By the time school begins in the fall (or late summer as the case may be) Waldorf teachers spend countless hours getting the classroom ready, repainting walls, bringing in new supplies, learning new circle games and finding time for home visits. All of this preparation will be met by students, from 12 to 22 or more and even if you had them last year, forming your class through rhythms and expectations is essential every single year.
Students whom you’ve known for years may test your boundaries as they are going through their next developmental stage. Not only do they come to rely on your consistency in presence and boundaries, but they strive on the structure that allows them to feel safe while they grow and change.
Classroom Management & Transitions – Set the Bar High
Classroom management begins the first day of school and setting the tone is extremely important. Setting the bar high in the first two weeks of school helps the whole year! There are daily tasks that the children do as a class and when they are done well, these small acts of self discipline can bring a more enjoyable experience for everyone. As the class relaxes into the school year you may find that they get more lax during transitions. When the bar is set high in the beginning of the year, it is much easier than trying to improve later on.
- lining up and moving from one classroom to another
- standing for morning verse
- saying morning verse
- moving desks out of the way to make room for circle time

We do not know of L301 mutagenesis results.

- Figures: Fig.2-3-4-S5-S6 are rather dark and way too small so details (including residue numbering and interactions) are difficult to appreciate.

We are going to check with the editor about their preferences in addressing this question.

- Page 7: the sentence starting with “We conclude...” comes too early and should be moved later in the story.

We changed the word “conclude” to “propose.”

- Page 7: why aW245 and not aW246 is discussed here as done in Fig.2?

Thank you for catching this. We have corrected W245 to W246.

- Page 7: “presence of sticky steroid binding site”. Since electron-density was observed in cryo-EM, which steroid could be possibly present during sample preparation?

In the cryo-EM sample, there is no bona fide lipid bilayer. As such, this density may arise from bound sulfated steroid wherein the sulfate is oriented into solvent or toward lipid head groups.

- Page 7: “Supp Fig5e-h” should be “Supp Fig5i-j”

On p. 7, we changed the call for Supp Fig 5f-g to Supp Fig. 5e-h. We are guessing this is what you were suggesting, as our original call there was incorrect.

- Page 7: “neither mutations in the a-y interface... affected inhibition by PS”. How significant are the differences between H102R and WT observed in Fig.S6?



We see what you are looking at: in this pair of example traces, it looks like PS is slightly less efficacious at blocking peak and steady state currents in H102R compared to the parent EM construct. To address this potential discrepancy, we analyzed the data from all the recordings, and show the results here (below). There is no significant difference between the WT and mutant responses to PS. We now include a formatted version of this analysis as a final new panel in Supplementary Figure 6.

- moving from sitting to circle
- participating in circle
- getting out main lesson books
These are just a handful of examples of routine movements that need to be formed when school begins and upheld throughout the year. Many a teacher has ignored children acting out during these transition times just to get the classroom move don from one thing to the next. Have you ever seen the teacher and his class that chose not to rush from one thing to the next in the first couple weeks and wondered why he was so adamant about the children lining up so perfectly? Or standing up so perfectly? Or getting out their recorders so perfectly? Perhaps they sang the same song each day to move the desks from place to place or perhaps the teacher played a recorder song to transition from desks to circle. This teacher did not settle for a hurried or sloppy transition from one place to another.
Self Discipline and Good Manners
This teacher knows that these small steps will not only set the tone of behavior for the whole year, but that they will assist the children in building their own self discipline and will. He showed the children how he wanted them to stand for verse. He modeled for them to simply to stand up from one’s seat, push in the chair, stand behind it (without touching others) and be alert to begin the verse. When a child crawled under the desk rather than standing he simply stated that that wasn’t quite it and they all sat down and tried again. This might have taken 2 tries or 20, but the teacher did not begin verse until they all got it together.